Sources of Records, Data and Information
NB Currently the accessibility of public organisations such as libraries, museums and galleries is under a cloud due to the Covid Pandemic. I remain optimistic that that “cloud” will be lifted. One day!
It’s prudent to start with a few general points :
There are a number of commercial genealogical websites who charge a membership fee which varies according to the range of records you will have access to e.g. UK records only, Regional records or Full International records. These organisations have been granted access by the UK and other governments for the purpose of scanning and digitising original (hard-copy) records.
If you sign-up for membership of one of the commercial genealogy sites, for an exploratory look, or a trial, look carefully at the terms and conditions. Sometimes there is a ticked check-box somewhere saying something to the effect, ” Please automatically renew my subscription on expiry“. If you’re happy with that, fine, if not, delete the tick in the box before you agree to the trial!
There are a number of voluntary organisations who have been given access to records and volunteers from those organisations have transcribed the original records and placed the transcribed details into public databases.
Volunteers (e.g. FHS’s) have for a long while transcribed parts or all of sets of local records and released those transcriptions onto CD’s, DVD’s or downloads for a fee to help support their FDS.
There are several questions I have been asked. “Do I need to use a commercial genealogical site?”, “If so, which site should I join?” and lastly “Is it worthwhile buying a DNA profile “ Short answer is “It all depends“ There are a number of sites which are freely available, in some cases they were set up by volunteers ( e.g. Free BMD) who gave their time to transcribing public records or in other cases are public organisations (e.g. The National Archives). I rarely use commercial sites directly now, although I have been known to use a 3 month free trial of one. On other occasions many local / district libraries have access to the commercial sites on the library computers that you can use. I will be providing some sites where you can obtain data without you shelling out lots of cash.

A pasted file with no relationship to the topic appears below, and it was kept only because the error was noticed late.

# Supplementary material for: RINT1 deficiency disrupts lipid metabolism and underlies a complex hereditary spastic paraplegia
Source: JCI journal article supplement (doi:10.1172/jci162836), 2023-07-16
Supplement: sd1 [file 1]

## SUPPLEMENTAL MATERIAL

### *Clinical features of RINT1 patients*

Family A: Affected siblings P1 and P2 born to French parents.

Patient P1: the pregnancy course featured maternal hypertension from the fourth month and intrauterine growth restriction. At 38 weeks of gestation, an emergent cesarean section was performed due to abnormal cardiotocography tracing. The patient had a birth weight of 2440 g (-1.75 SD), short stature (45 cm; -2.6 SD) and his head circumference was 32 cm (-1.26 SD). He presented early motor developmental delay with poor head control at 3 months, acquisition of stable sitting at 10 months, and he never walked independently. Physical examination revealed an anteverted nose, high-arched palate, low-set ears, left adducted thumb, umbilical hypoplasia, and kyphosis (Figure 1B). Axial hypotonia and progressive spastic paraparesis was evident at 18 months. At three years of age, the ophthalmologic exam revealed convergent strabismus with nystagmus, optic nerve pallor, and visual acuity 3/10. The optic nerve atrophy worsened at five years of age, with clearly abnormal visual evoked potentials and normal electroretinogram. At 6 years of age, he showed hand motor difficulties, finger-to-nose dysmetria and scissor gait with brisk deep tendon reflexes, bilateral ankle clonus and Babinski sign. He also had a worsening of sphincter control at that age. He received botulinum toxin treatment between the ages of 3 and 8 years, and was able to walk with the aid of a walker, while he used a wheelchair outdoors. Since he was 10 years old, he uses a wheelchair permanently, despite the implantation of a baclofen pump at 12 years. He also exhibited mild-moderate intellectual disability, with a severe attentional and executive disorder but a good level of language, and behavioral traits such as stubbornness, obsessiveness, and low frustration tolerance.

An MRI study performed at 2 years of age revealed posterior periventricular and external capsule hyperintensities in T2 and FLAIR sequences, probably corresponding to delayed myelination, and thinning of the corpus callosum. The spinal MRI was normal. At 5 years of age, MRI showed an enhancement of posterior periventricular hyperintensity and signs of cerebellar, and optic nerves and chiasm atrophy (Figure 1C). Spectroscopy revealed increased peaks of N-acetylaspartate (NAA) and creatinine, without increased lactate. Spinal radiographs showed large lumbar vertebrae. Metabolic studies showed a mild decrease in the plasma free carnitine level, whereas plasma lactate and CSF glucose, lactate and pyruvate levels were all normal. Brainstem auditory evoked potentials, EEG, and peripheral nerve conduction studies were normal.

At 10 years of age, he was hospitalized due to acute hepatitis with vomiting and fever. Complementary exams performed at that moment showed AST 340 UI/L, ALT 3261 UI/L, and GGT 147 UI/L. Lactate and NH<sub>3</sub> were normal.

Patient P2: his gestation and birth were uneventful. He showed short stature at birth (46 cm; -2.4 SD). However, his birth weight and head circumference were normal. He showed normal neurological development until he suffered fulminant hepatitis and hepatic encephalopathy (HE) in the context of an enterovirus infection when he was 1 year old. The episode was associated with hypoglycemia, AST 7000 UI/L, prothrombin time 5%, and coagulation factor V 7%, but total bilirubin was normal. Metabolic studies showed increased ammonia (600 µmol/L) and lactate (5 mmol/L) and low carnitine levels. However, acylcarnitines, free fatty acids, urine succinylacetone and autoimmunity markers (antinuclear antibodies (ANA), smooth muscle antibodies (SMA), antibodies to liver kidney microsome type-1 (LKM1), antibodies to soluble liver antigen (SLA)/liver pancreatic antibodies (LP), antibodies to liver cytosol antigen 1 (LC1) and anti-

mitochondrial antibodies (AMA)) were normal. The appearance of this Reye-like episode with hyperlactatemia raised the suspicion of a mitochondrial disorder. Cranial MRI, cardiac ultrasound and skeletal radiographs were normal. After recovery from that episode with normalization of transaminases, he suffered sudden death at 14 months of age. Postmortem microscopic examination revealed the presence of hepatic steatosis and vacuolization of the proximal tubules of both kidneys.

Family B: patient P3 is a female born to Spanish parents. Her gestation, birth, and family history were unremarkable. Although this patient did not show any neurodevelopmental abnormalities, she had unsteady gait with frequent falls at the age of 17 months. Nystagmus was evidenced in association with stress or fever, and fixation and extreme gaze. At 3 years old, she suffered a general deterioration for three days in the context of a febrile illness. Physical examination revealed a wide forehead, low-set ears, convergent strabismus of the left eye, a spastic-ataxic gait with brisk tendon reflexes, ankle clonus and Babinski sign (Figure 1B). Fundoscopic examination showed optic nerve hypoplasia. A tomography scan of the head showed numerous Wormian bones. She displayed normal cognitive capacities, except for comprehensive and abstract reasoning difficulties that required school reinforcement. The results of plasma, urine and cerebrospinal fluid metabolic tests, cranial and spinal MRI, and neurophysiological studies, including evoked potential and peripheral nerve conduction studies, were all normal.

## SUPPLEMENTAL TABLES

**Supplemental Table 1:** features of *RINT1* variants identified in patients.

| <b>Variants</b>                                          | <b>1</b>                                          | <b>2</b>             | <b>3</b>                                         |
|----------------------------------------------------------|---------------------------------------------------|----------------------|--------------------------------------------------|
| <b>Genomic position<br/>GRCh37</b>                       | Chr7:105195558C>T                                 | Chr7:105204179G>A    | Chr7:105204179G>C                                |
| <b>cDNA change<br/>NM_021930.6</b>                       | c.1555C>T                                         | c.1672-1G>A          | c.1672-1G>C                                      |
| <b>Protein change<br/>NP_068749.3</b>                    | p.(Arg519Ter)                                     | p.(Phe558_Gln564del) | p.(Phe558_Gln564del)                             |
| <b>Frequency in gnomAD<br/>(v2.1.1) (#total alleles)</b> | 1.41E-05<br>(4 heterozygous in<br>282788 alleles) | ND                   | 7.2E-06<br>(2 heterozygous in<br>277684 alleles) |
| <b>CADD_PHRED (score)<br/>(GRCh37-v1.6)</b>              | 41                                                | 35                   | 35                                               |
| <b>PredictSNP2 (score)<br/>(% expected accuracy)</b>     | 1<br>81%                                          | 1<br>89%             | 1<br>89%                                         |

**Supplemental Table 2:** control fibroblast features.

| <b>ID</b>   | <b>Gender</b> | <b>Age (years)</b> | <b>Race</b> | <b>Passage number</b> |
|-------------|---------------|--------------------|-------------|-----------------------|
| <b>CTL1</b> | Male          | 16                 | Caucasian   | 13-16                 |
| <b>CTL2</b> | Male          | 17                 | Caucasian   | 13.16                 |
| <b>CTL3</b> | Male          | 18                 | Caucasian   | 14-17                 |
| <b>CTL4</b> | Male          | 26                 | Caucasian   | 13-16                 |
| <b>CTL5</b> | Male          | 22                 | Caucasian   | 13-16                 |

I see no harm in obtaining a DNA profile and having it matched and compared and matched to others who have also had it done. I see it, though as an additional tool to find living persons whose DNA indicates a match to your own. Genealogy to me is not about compiling as many relatives as you can, it’s about finding who your forbears are, where and how they lived, what constraints there were on their life, what their jobs / trades /occupations were, where they lived and perhaps most importantly what the social conditions and government controls and social attitudes were like during their lives.
So, back to the specific task in hand, so let’s look at examples of where many record sets which are of significance and / or interest to genealogists.
- (Government) Birth’s, Marriages & Deaths (UK post 1837)
- Free BMD and similar volunteer transcription projects
- Parish Registers (births, christenings, weddings & burials)
- Military and Diplomatic records (members of armed services) particularly overseas postings
- Newspapers (eg births, weddings, funeral services, court records, public notices etc)
- Census records (details of persons where they were on the night of periodic census (earliest principal one in UK was 1841)
- Passport and transport documents
- Public Archives
- Telephone and trade directories
- Will repositories
- British Library and archives of certain Universities who hold copyrighted books and publications
- Archives of Acts of Parliament and other statutory documents
- Major religious organisations
- Cemeteries, gardens of remembrance, memorials, undertakers etc
- Family History Societies
- Commercial Genealogical Database companies
- Specialist archives of topics such as Photographers, Workhouses, Trade Guilds, Ladies and Gents Fashion experts, Merchant Ships, Royal Navy Ships etc.
- Regimental, Naval, Air Force and the like museums
- Records from the Commonwealth War Graves Commission
- Support Agencies for Veterans
- Specialist Registries of the Royal Family, Peers, Heraldry and like subjects